Yesterday I posted on what happened when Sam Wineburg decided to investigate a dubious footnote in Howard Zinn’s bestselling American history textbook, only to discover that it was a bad game of broken telephone, as one secondary source relied upon another secondary source that relied upon another secondary source.
Right-wing writers, of course, do this kind of thing, too.
The amazing Andrew Ferguson, an essayist at The Weekly Standard who is on my short list of “Read Everything He Writes,” recently offered an omnibus takedown of a half-dozen Trump-era bestselling books, among them a book by Dinesh D’Souza, who has perfected the art of being a right-wing troll.
Ferguson relays a footnote he decided to investigate:
If you’re crazy enough to jump down the rabbit hole of his footnotes, you’ll see that D’Souza’s apparently fastidious method covers a lot of hedging, speculation, and misinterpretation.
To take one small example: Lyndon Johnson is a pivotal figure in D’Souza’s tale. Johnson, he writes, “is a man who, according to a memo filed by FBI agent William Branigan, seems to have been in the Ku Klux Klan.” He was? “This memo was only revealed in recent months, with the release of the JFK Files. Progressive media . . . have largely ignored it, trying to pretend it does not exist. Branigan cites a source with direct knowledge.” D’Souza then treats LBJ’s Klan membership as settled fact and a building block in his case against the Democrats.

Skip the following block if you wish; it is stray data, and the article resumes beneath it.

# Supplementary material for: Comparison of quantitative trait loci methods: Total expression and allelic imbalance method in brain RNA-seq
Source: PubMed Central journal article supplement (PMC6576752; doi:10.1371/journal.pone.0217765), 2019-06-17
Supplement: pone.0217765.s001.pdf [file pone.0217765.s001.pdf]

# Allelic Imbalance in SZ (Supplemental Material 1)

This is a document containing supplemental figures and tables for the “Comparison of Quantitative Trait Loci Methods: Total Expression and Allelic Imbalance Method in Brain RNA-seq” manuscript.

I’ve got to side with the progressive media on this one. The FBI memo that D’Souza is using to misinform his readers was written in early 1964. It was released last year in the (presumably) final dump of government documents about the Kennedy assassination. It is a piece of raw intelligence, unverified, repeated with no assessment of its credibility. Branigan, the FBI agent, writes that a “confidential informant” told him that the editor of a magazine published by the Citizens’ Council of Louisiana, himself a Klan member, had told the informant that he, the editor, had seen documented proof that Johnson was a member in the 1930s.
No proof was provided. Even the website D’Souza cites as his source for this damning nugget, thehayride.com, says the claim of Johnson’s Klan membership amounts to nothing more than a rumor.
D’Souza’s embrace of rumors is selective. Another FBI memo in the same document dump, for example, reported that the KGB thought Johnson had plotted to kill Kennedy. By D’Souza’s standard of historical evidence, this memo should be enough to write, “Lyndon Johnson seems to have plotted to kill his predecessor.” Wisely he keeps this bombshell from his readers.
Again, the lesson is if a claim seems too good—or too outlandish—to be true, check the source. And learn to trust authors who use and cite sources properly and carefully.